This paper deals with the common practice of selecting pipeline valve diameters smaller than that of the pipeline itself. The most economic design in such a case dependent on both the valve diameter selected and the design of the reducers connecting the valve to the pipeline. The head loss through valves and reducers is discussed together with the capitalization of energy cost. Assuming a power penalty of R3 000/kW over the life of a pipeline, diagrams are presented from which the most economical valve installation may be designed. Three valve types are covered. A design example Illustrates the proposed procedure.
A pilot study on Comprehensive Traffic Observations (CTO) was carried out on a 600 km long route between Johannesburg and Durban from October 1983 to January 1985. Traffic was observed at seven CTO stations placed on different types of road comprising this route. Electronic observation equipment of the Traffic Engineertng Logger (TEL) type was used supplemented by, In one Instance, a Traffic Axle Weight Classifier (TAWC) for a more accurate estimation of axle load. The observations were carried out in week-long blocks, repeatedly, for 12 consecutive months, on a 24-hours a day basis. The pilot study concluded that CTO are capable of yielding accurate estimates of the average annual dally traffic.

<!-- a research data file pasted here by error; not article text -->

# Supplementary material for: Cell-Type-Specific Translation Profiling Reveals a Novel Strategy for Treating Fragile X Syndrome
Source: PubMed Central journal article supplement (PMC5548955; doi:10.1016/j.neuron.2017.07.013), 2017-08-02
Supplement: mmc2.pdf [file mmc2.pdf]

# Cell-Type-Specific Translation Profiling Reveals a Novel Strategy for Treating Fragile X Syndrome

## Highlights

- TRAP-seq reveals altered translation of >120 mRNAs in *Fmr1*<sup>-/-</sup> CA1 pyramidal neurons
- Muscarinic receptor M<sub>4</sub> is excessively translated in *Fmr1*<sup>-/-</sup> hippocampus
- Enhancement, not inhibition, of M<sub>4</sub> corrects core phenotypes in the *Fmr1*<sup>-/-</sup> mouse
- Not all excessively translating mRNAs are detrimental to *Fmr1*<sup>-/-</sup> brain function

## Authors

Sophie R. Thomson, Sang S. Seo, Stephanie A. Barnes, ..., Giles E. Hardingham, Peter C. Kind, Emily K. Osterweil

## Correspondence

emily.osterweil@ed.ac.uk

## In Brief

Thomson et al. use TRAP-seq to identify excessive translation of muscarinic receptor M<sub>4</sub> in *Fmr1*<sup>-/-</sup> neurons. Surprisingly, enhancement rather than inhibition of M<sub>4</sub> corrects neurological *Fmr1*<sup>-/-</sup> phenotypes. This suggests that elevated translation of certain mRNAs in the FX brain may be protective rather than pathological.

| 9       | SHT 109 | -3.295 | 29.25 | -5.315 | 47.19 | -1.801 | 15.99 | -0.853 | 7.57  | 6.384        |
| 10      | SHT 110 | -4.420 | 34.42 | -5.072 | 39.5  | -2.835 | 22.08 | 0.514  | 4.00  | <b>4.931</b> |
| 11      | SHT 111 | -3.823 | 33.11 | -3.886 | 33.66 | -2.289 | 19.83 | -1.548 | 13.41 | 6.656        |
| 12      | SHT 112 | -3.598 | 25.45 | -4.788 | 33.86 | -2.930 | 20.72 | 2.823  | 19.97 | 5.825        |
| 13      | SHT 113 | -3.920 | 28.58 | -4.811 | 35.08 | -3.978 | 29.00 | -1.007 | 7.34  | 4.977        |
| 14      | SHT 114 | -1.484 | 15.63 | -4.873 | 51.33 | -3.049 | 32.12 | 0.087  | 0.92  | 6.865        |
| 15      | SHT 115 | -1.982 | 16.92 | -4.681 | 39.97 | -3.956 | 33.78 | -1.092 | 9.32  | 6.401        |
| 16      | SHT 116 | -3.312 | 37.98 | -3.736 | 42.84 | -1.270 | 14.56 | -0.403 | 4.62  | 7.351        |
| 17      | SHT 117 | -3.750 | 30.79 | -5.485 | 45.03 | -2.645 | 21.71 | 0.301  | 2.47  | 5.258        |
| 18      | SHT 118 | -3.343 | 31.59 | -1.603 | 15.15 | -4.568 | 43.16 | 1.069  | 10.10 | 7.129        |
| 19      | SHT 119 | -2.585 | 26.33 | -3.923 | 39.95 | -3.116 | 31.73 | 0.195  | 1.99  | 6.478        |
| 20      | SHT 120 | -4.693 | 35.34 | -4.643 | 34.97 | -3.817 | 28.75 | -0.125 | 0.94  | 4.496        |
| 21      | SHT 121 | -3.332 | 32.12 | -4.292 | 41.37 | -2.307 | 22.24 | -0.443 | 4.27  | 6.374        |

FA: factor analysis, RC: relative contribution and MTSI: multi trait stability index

Because they are difficult to sample and test in the laboratory, gravels are best tested in situ. Plate bearing tests are widely used to measure the modulus of solis and weak rocks and are also suitable for gravels. Equipment and test procedures have been developed to allow the rapid testing of gravels. The widespread use of trial holes and test pits for foundation investigations in Southern Africa provides the opportunity to perform these tests on a routine basis. The results of 175 plate bearing tests in gravels were analysed in the paper. The soli modulus was determined from each test using both a simplified elastic analysis and a rectangular hyperbola method. Relationships were presented between modulus and observed consistency, and also between plate bearing capacity and consistency.